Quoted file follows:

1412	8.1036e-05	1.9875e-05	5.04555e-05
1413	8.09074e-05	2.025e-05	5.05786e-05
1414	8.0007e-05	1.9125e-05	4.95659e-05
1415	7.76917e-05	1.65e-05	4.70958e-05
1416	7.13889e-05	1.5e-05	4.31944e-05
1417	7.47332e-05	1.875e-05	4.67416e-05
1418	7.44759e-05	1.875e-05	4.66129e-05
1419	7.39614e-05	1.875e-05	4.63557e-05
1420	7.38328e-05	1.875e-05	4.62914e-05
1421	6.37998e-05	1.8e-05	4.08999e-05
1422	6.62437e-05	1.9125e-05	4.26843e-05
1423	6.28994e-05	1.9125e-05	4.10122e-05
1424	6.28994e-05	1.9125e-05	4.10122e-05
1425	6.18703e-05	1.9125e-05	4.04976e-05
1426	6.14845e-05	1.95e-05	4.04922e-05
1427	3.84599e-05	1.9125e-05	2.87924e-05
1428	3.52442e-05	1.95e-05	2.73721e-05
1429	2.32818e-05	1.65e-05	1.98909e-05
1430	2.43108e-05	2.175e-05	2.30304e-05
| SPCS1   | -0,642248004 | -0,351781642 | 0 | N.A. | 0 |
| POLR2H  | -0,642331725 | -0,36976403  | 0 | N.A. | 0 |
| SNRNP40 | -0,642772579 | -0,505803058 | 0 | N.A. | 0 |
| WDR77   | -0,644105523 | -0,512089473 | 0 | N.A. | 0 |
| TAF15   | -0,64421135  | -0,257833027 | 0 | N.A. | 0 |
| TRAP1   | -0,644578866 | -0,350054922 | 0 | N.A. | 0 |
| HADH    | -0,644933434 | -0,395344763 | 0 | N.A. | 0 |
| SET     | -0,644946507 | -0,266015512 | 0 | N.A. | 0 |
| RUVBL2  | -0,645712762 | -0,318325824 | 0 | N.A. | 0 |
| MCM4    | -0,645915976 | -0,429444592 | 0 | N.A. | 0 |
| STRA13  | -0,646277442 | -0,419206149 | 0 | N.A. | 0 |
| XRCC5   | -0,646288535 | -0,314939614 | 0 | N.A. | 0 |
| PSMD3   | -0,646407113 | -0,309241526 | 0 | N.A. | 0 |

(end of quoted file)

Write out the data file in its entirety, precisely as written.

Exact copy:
1412	8.1036e-05	1.9875e-05	5.04555e-05
1413	8.09074e-05	2.025e-05	5.05786e-05
1414	8.0007e-05	1.9125e-05	4.95659e-05
1415	7.76917e-05	1.65e-05	4.70958e-05
1416	7.13889e-05	1.5e-05	4.31944e-05
1417	7.47332e-05	1.875e-05	4.67416e-05
1418	7.44759e-05	1.875e-05	4.66129e-05
1419	7.39614e-05	1.875e-05	4.63557e-05
1420	7.38328e-05	1.875e-05	4.62914e-05
1421	6.37998e-05	1.8e-05	4.08999e-05
1422	6.62437e-05	1.9125e-05	4.26843e-05
1423	6.28994e-05	1.9125e-05	4.10122e-05
1424	6.28994e-05	1.9125e-05	4.10122e-05
1425	6.18703e-05	1.9125e-05	4.04976e-05
1426	6.14845e-05	1.95e-05	4.04922e-05
1427	3.84599e-05	1.9125e-05	2.87924e-05
1428	3.52442e-05	1.95e-05	2.73721e-05
1429	2.32818e-05	1.65e-05	1.98909e-05
1430	2.43108e-05	2.175e-05	2.30304e-05
| SPCS1   | -0,642248004 | -0,351781642 | 0 | N.A. | 0 |
| POLR2H  | -0,642331725 | -0,36976403  | 0 | N.A. | 0 |
| SNRNP40 | -0,642772579 | -0,505803058 | 0 | N.A. | 0 |
| WDR77   | -0,644105523 | -0,512089473 | 0 | N.A. | 0 |
| TAF15   | -0,64421135  | -0,257833027 | 0 | N.A. | 0 |
| TRAP1   | -0,644578866 | -0,350054922 | 0 | N.A. | 0 |
| HADH    | -0,644933434 | -0,395344763 | 0 | N.A. | 0 |
| SET     | -0,644946507 | -0,266015512 | 0 | N.A. | 0 |
| RUVBL2  | -0,645712762 | -0,318325824 | 0 | N.A. | 0 |
| MCM4    | -0,645915976 | -0,429444592 | 0 | N.A. | 0 |
| STRA13  | -0,646277442 | -0,419206149 | 0 | N.A. | 0 |
| XRCC5   | -0,646288535 | -0,314939614 | 0 | N.A. | 0 |
| PSMD3   | -0,646407113 | -0,309241526 | 0 | N.A. | 0 |